It struck us how obvious this was, but it reminded us of how rarely we see CEOs take this approach. Many entrepreneurs are wired to try to impress others, including potential investors, with the depth of their technical knowledge or complex approach to solving a customer problem. Many of us foolishly believe that, in order to be innovative, a business idea needs to be genius in its complexity.


The reality is that investors, like any business decision-makers, are drawn toward simplicity. This means the investment case you propose must be simple in both concept and communication. If you can't communicate a simple investment case, you probably don't have a winning business idea.


Try these three steps to build a simple investment case:


1. Frame the market and current customer demand.


Every investment concept begins with the logic of a customer. Someone has to have a need for your product or service, and the easiest way to prove that is to point to the existing market for that service. Outline the current market size, what customers are currently spending annually on that customer need, and the driver of that customer demand to demonstrate why the demand will continue.


2. Describe the segment of the market you're aiming to capture.


What customer segment or segments of the market does your product or service appeal to? If you have a product or service that is differentiated from the current offerings, it should appeal to a specific segment more than others. Describe why you are targeting that segment and explain why the segment is profitable and sustainable.


3. State your sustainable competitive advantage.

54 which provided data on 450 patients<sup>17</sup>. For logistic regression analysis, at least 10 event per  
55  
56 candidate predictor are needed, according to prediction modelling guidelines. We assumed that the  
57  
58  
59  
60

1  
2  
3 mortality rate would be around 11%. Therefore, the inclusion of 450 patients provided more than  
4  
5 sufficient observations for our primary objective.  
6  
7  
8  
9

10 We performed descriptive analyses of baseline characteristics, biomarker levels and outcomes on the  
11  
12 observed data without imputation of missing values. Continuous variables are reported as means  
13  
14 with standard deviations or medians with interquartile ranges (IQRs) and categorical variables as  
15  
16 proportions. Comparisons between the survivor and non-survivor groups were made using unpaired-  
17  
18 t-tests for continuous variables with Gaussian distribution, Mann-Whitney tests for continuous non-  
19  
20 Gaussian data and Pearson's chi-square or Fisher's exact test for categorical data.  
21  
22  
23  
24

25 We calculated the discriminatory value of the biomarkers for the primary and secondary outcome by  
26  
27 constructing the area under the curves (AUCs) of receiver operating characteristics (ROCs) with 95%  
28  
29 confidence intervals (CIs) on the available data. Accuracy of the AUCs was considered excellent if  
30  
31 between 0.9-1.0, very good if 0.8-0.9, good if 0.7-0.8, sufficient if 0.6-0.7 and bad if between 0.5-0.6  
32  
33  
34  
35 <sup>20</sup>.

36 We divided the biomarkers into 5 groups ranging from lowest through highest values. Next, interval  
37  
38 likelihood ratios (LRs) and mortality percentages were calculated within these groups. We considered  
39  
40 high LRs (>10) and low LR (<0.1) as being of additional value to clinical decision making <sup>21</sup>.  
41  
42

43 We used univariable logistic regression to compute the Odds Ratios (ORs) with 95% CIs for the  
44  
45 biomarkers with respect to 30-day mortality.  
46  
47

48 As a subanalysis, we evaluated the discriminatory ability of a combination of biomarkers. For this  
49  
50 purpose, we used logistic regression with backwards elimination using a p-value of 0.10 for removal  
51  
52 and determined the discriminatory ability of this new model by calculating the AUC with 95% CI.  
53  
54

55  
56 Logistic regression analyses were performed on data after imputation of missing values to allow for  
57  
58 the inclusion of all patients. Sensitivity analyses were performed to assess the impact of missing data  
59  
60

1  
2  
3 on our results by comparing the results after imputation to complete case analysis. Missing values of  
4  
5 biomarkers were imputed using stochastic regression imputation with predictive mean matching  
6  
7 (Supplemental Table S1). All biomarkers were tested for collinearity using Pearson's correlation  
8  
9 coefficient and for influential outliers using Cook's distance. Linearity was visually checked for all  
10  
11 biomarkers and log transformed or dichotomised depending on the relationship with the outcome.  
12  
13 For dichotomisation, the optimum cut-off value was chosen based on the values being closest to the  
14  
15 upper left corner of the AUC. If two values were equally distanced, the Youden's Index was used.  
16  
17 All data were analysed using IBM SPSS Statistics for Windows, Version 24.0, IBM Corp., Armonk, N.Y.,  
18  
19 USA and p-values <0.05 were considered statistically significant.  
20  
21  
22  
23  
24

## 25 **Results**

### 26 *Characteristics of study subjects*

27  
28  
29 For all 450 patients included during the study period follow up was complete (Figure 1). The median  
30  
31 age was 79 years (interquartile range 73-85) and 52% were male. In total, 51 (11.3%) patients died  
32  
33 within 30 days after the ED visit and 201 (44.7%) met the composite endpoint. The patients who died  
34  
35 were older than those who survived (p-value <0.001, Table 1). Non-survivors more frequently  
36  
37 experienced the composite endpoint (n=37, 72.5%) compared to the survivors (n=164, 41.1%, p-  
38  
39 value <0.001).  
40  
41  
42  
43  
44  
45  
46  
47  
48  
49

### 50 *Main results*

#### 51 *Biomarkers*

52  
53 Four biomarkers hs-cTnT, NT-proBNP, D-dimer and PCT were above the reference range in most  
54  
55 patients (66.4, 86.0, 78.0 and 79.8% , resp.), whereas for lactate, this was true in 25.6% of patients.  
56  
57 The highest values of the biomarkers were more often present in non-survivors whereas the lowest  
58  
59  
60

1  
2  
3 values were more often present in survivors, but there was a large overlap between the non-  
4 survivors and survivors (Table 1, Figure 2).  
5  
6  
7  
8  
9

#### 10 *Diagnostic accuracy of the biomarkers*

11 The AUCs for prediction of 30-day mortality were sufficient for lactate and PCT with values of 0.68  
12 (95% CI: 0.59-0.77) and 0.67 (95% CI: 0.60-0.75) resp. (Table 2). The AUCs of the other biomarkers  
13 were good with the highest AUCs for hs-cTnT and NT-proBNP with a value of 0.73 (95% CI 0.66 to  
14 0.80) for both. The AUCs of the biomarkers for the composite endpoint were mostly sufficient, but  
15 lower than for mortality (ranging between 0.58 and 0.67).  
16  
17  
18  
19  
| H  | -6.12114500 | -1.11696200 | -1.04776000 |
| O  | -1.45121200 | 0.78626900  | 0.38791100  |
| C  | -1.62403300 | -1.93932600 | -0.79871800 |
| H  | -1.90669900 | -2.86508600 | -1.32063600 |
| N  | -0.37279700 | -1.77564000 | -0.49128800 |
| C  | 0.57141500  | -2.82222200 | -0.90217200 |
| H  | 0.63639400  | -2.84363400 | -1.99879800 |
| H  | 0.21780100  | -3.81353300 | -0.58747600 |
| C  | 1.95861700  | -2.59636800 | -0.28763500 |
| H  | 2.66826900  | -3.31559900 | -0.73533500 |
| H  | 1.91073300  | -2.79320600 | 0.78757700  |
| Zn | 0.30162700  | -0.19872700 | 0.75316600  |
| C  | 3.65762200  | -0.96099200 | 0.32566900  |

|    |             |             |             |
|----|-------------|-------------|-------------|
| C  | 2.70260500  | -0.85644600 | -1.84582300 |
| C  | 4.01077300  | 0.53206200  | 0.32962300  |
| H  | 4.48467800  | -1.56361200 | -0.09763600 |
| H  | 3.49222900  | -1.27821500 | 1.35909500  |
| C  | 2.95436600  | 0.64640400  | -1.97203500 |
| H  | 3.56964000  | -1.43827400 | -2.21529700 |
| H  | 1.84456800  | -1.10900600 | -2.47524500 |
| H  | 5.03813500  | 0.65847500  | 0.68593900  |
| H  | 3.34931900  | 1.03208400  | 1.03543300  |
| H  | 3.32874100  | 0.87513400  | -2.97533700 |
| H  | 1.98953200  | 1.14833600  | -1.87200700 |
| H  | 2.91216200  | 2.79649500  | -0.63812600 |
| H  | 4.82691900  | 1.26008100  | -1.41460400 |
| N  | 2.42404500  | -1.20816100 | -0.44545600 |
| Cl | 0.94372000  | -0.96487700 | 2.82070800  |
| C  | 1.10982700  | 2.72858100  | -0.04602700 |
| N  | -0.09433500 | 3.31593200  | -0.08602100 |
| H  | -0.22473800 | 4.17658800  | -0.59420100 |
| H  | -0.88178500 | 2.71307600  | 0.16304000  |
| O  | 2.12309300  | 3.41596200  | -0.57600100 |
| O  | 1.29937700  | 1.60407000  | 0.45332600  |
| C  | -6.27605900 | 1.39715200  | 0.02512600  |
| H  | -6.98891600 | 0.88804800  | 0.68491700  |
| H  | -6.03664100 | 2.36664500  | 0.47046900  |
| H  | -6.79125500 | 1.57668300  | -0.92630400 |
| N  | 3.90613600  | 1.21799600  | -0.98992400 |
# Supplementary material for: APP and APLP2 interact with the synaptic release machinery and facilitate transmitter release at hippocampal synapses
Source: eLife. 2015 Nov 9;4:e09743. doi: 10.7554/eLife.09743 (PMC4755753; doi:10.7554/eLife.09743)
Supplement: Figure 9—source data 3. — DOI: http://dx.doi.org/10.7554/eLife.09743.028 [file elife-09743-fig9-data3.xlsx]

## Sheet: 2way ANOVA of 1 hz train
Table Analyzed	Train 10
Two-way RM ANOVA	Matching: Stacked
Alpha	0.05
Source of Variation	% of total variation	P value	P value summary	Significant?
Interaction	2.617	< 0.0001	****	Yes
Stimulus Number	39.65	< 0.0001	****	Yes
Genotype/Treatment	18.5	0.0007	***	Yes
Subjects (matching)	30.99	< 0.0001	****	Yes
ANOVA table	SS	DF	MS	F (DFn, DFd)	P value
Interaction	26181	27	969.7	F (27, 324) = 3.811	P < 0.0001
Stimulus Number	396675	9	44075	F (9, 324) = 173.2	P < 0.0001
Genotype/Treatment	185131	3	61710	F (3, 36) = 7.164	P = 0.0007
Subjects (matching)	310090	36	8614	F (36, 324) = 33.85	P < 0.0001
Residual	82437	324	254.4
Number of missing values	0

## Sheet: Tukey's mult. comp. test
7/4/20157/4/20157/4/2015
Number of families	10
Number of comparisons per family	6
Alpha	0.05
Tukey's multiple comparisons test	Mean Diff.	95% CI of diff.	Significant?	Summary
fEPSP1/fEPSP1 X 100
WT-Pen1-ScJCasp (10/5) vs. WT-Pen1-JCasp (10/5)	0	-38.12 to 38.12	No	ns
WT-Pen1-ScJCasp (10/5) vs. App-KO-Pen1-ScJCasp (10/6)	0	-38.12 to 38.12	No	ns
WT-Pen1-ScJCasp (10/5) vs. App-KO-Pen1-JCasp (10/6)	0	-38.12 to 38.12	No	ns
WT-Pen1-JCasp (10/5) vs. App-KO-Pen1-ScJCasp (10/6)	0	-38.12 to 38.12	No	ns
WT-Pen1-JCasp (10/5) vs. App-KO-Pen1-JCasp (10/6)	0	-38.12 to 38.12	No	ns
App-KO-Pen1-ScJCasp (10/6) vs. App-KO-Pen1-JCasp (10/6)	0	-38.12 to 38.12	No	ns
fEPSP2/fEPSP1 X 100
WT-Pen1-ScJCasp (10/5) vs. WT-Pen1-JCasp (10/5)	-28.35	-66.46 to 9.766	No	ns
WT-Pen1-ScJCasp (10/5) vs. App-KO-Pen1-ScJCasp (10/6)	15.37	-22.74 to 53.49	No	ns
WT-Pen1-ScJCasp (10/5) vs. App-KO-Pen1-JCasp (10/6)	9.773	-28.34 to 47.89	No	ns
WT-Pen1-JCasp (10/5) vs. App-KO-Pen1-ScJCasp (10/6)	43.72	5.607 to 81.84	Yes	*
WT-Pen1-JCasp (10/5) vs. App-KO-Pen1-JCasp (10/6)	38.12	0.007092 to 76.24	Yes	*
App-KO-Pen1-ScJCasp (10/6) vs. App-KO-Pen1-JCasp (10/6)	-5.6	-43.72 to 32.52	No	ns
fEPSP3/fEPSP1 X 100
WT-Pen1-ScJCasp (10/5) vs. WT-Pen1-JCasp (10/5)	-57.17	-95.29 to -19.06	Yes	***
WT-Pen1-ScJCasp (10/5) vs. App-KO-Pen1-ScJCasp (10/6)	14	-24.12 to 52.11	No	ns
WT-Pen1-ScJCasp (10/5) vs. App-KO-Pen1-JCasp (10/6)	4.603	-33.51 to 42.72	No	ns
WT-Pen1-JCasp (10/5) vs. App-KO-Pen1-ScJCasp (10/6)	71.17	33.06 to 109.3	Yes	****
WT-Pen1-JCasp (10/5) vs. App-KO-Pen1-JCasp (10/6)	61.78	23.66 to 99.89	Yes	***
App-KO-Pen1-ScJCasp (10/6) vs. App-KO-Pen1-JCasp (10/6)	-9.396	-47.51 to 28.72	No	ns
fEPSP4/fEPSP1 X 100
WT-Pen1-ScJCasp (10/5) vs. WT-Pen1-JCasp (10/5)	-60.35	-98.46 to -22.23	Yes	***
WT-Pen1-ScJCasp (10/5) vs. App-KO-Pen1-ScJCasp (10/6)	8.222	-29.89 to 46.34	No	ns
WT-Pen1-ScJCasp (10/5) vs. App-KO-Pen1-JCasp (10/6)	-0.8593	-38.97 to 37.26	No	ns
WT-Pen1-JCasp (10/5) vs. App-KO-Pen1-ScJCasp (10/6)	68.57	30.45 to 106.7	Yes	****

What are you bringing to the market that will set you apart and maintain your competitive advantage going forward? If the investor is deploying capital into your business, she will expect a return on investment. The only way to receive a return on investment is to provide proof that you will be able to sustain profitability, even after competitors realize that you are gaining traction and attempt to replicate your solution.


The CEO of the security company was able to describe all of this to us in less than a minute. When using this framework on a credible business case, describing your case clearly and logically should be easy. If you have trouble, that's a sign that your business case is not as attractive as you thought.

Article provided by ©Inc.

As new funding options emerge, small business owners have more diverse options for financing growth


DIYtoBank_Body.jpg1. Introduction: The Financing Challenge

Economic conditions, legislation, and technology have sparked a sea of change in small business owners’ options for securing funding. Traditional bank lending and venture or angel investment still figure prominently in today’s financing landscape. But today’s alternative sources of funding range from emerging online lenders to crowdfunding and do-it-yourself initiatives.


These changes have been developing for years. Bob Seiwert, senior vice president of the American Bankers Association, notes that during the housing boom, some business owners relied heavily on home equity lines of credit and credit cards to fund their businesses. “As values of real estate have dropped, so have those lines of credit,” he says. “There’s no substitute for equity in the business. And banks don’t make equity investments into small businesses. They make loans. We don’t get paid to take equity risks. We get paid to take loan risks.”


That also creates a challenge for business owners who saw their equity disappear during an extended period of losses and negative cash flow and who now need permanent working capital. “Bankers are not going to provide 100 percent financing,” says Seiwert. That leaves those business owners in need of funding alternatives, whether that means personal resources, assistance from relatives, or funding from suppliers or major customers “who are willing to make equity investments in the business because they know that business well, have confidence in it, and need that product.”